Etymology
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Words related to Adelaide

atheling (n.)

"member of a noble family," Old English æðling, from æðel "noble family, race, ancestry; nobility, honor," related to Old English æðele "noble," from Proto-Germanic *athala- (cognates: Old Frisian edila "(great-)grandfather," Old Saxon athali "noble descent, property," Old High German adal "noble family"), which is perhaps from PIE *at-al- "race, family," from *at(i)- "over, beyond, super" + *al- "to nourish." With suffix -ing "belonging to." A common Germanic word (cognates: Old Saxon ediling, Old Frisian etheling, Old High German adaling).

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-hood 
word-forming element meaning "state or condition of being," from Old English -had "condition, quality, position" (as in cildhad "childhood," preosthad "priesthood," werhad "manhood"), cognate with German -heit/-keit, Dutch -heid, Old Frisian and Old Saxon -hed, all from Proto-Germanic *haidus "manner, quality," literally "bright appearance," from PIE (s)kai- (1) "bright, shining" (Cognates: Sanskrit ketu "brightness, appearance"). Originally a free-standing word (see hade); in Modern English it survives only in this suffix.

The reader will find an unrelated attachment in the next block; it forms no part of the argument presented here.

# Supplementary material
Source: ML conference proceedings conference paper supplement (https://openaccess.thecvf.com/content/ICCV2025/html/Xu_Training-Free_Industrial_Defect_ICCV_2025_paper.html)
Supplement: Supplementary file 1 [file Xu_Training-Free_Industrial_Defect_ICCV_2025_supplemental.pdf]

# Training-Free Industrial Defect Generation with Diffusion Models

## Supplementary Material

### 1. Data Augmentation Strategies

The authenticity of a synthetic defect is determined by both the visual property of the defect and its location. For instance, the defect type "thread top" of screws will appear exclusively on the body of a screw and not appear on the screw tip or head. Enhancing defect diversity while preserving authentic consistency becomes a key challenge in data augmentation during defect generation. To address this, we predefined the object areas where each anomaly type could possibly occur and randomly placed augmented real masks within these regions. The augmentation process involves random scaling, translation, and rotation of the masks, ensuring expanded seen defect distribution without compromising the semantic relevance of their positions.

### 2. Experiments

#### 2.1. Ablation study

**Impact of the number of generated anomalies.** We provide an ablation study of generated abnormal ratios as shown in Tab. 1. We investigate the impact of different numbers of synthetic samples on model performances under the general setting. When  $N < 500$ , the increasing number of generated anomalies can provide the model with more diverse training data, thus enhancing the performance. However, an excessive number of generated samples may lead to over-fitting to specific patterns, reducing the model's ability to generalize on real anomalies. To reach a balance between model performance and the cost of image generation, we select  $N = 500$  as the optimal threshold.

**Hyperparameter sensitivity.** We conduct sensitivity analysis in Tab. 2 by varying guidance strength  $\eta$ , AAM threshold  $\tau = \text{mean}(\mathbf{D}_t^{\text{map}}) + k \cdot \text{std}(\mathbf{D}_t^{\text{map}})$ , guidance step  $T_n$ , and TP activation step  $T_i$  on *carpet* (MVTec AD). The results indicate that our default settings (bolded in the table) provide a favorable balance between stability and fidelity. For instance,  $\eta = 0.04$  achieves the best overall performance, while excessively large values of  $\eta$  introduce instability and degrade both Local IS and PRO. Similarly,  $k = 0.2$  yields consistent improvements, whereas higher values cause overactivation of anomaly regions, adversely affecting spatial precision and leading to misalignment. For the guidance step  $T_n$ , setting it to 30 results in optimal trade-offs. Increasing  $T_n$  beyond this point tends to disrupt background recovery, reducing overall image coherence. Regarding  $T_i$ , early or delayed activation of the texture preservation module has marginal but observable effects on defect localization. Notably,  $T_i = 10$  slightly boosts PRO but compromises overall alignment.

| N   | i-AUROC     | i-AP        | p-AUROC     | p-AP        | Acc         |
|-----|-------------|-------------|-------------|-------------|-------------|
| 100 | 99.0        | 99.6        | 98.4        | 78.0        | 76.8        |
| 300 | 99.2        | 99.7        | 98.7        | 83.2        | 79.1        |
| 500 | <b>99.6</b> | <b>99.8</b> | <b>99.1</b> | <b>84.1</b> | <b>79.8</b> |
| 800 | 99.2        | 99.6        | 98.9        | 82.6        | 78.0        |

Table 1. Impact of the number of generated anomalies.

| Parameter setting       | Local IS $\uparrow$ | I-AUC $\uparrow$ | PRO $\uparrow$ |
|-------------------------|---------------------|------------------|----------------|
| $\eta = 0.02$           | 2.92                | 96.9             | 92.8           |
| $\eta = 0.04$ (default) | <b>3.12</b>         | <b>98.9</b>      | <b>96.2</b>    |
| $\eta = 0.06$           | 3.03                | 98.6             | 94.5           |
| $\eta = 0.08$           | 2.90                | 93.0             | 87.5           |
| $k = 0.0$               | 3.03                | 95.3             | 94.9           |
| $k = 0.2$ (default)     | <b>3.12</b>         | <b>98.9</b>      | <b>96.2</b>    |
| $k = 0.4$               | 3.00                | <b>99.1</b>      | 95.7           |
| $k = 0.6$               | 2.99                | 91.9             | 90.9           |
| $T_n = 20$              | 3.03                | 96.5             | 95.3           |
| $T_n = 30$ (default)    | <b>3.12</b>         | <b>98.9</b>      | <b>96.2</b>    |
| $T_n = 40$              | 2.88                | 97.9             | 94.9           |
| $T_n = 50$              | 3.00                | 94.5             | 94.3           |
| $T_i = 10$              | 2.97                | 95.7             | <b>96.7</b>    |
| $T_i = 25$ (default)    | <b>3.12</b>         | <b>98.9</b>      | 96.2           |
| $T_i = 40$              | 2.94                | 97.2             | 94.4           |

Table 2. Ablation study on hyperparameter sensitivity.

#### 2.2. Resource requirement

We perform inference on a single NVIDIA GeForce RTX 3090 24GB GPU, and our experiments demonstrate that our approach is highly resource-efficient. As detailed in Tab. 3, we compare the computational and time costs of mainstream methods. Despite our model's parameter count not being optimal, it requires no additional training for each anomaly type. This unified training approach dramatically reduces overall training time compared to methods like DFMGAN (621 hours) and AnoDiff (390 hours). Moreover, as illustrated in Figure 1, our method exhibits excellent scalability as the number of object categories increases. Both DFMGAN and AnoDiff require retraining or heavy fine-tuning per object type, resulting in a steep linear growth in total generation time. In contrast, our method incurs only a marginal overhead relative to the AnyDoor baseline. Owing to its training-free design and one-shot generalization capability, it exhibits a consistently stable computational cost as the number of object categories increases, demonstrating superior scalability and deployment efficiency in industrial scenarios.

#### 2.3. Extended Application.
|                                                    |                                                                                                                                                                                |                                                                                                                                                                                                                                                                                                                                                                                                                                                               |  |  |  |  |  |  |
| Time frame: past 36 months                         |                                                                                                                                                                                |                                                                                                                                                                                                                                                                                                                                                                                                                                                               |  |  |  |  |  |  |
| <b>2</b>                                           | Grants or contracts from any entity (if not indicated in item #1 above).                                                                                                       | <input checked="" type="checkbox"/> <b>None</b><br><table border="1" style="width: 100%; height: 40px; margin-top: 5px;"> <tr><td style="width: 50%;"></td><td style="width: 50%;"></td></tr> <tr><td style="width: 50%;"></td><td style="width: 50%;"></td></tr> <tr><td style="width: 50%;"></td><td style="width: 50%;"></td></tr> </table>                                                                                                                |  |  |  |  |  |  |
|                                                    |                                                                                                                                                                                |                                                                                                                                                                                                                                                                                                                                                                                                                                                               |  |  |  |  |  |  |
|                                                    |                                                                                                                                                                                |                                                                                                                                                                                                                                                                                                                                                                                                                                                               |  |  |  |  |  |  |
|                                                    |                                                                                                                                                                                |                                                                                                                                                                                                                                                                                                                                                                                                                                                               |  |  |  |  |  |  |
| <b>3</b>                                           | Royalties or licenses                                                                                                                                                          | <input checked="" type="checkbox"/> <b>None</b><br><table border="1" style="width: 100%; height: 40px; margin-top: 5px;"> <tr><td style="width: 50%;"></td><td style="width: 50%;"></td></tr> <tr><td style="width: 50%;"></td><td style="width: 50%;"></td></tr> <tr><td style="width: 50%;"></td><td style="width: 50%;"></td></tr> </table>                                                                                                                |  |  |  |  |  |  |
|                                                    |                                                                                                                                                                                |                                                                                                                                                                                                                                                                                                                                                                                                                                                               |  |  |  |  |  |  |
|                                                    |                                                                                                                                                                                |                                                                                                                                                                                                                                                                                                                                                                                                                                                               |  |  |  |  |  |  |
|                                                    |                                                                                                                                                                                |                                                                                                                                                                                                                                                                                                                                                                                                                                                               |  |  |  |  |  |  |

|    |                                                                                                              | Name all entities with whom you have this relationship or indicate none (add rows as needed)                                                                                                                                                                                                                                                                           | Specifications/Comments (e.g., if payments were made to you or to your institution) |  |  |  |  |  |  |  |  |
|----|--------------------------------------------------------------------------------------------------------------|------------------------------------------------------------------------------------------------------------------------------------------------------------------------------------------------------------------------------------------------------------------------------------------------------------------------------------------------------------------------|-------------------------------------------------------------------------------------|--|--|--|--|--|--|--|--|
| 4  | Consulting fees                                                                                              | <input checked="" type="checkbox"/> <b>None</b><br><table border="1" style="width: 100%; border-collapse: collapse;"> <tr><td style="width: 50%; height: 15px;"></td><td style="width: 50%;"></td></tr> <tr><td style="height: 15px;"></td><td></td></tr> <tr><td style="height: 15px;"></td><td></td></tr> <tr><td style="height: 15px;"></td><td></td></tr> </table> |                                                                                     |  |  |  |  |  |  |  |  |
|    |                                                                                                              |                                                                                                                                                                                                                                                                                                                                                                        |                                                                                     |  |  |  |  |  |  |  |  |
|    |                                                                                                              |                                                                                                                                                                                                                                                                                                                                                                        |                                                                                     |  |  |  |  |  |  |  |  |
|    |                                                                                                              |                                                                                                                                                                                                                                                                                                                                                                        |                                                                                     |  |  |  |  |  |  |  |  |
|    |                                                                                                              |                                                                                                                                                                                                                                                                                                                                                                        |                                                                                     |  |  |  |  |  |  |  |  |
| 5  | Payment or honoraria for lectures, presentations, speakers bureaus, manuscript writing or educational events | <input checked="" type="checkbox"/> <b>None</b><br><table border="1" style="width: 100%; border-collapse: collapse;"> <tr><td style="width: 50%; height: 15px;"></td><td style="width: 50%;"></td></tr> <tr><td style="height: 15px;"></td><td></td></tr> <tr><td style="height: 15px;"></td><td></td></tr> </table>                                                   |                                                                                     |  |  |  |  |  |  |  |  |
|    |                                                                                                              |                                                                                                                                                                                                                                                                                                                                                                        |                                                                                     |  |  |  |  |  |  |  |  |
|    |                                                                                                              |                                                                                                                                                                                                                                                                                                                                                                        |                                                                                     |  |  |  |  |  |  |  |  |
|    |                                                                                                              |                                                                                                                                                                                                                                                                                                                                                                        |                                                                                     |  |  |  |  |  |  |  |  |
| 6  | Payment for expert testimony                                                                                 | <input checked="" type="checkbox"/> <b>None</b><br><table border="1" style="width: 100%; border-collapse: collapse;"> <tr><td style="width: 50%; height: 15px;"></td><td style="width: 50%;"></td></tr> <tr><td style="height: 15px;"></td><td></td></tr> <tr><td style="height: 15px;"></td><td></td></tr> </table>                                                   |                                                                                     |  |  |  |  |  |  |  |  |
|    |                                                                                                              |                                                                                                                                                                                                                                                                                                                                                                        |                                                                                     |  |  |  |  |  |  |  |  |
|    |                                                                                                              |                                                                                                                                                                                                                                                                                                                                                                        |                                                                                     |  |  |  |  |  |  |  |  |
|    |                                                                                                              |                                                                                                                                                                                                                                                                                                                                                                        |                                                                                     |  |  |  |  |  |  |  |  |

Adeline 
fem. proper name, from French, of Germanic origin, literally "noblewoman," from adal "noble family" (see atheling) + French fem. suffix -ine (see -ine (1)).
Alice 
fem. proper name, from Old French Aliz, from Old High German Adalhaid, literally "nobility, of noble kind" (see Adelaide). Among the top 20 most popular names for girls born in the U.S. c. 1880-1920. "Alice's Adventures in Wonderland," published in 1865, was written for Alice Pleasance Liddell (1852-1934).